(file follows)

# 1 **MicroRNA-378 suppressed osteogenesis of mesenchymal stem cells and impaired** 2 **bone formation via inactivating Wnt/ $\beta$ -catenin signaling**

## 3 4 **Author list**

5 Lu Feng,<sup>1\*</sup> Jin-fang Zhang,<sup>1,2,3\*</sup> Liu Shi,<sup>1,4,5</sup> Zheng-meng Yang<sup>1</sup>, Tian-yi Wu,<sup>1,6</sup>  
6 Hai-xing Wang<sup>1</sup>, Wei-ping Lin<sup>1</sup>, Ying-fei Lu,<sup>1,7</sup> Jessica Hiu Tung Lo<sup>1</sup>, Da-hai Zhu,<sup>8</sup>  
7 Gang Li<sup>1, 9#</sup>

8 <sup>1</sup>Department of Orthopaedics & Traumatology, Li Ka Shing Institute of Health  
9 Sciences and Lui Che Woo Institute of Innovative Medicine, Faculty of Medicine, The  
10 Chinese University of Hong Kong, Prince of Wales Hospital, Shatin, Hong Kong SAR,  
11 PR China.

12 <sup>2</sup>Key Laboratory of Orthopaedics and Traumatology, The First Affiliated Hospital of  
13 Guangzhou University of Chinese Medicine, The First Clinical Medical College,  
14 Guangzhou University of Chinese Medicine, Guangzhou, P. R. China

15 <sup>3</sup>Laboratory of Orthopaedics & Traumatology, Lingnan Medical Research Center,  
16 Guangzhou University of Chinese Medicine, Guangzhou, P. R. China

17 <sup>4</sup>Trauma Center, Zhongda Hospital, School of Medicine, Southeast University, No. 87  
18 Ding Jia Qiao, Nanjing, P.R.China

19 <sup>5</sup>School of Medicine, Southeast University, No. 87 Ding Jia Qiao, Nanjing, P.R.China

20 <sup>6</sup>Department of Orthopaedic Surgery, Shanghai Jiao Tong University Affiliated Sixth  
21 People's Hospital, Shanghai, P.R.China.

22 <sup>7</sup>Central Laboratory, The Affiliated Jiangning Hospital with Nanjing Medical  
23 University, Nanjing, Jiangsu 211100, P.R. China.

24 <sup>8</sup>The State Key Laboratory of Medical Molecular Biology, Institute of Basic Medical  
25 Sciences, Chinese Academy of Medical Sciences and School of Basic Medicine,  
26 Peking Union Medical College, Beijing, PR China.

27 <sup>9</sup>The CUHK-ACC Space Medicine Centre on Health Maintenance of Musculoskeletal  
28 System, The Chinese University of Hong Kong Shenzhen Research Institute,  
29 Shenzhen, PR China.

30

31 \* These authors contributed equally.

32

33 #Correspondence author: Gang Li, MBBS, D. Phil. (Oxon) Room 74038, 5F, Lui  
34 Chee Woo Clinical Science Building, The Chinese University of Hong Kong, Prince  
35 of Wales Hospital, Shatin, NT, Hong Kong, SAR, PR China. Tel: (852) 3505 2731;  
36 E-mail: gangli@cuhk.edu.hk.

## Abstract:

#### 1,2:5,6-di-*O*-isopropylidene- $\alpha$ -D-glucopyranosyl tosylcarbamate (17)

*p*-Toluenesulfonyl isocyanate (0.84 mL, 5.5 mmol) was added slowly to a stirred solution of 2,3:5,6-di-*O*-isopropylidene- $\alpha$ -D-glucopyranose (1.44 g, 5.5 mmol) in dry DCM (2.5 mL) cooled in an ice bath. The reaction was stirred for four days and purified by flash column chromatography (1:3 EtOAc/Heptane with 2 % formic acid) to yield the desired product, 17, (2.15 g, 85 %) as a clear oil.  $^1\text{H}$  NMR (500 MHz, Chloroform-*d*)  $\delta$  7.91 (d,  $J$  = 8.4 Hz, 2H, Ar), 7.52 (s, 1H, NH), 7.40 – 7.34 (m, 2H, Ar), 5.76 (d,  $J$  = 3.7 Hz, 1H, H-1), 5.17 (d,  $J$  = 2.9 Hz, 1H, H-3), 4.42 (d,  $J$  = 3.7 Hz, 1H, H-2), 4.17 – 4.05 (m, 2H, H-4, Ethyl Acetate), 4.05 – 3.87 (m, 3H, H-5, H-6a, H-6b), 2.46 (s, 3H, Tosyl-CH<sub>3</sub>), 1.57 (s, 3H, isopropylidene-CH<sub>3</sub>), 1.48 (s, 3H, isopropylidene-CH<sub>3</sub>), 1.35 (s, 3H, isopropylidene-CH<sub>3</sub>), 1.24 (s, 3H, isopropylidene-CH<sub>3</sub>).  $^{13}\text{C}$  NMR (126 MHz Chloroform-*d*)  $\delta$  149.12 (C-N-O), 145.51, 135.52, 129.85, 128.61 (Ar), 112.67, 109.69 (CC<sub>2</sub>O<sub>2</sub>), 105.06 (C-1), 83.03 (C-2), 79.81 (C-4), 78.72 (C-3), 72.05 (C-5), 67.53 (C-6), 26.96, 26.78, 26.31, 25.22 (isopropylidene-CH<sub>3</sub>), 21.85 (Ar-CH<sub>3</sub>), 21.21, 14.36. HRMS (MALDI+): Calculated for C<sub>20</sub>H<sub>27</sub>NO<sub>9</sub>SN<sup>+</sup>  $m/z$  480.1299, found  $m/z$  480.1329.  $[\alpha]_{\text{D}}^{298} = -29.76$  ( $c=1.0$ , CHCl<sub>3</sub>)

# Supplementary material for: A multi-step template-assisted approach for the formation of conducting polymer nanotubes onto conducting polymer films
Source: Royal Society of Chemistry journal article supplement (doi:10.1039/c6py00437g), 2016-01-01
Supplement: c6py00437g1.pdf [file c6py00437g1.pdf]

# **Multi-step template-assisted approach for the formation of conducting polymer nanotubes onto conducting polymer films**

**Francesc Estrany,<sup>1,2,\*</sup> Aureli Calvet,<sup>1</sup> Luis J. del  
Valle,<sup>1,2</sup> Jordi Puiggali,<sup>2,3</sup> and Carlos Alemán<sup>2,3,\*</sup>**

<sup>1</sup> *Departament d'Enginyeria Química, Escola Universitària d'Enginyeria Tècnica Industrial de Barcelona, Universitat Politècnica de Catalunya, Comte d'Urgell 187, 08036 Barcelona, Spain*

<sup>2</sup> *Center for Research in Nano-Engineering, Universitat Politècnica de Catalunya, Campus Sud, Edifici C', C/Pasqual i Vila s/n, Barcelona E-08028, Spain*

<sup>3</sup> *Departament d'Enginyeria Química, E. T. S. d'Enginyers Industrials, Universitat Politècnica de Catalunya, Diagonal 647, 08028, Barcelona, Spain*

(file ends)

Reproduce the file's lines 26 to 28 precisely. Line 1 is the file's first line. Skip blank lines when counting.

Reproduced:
28 System, The Chinese University of Hong Kong Shenzhen Research Institute,  
29 Shenzhen, PR China.

30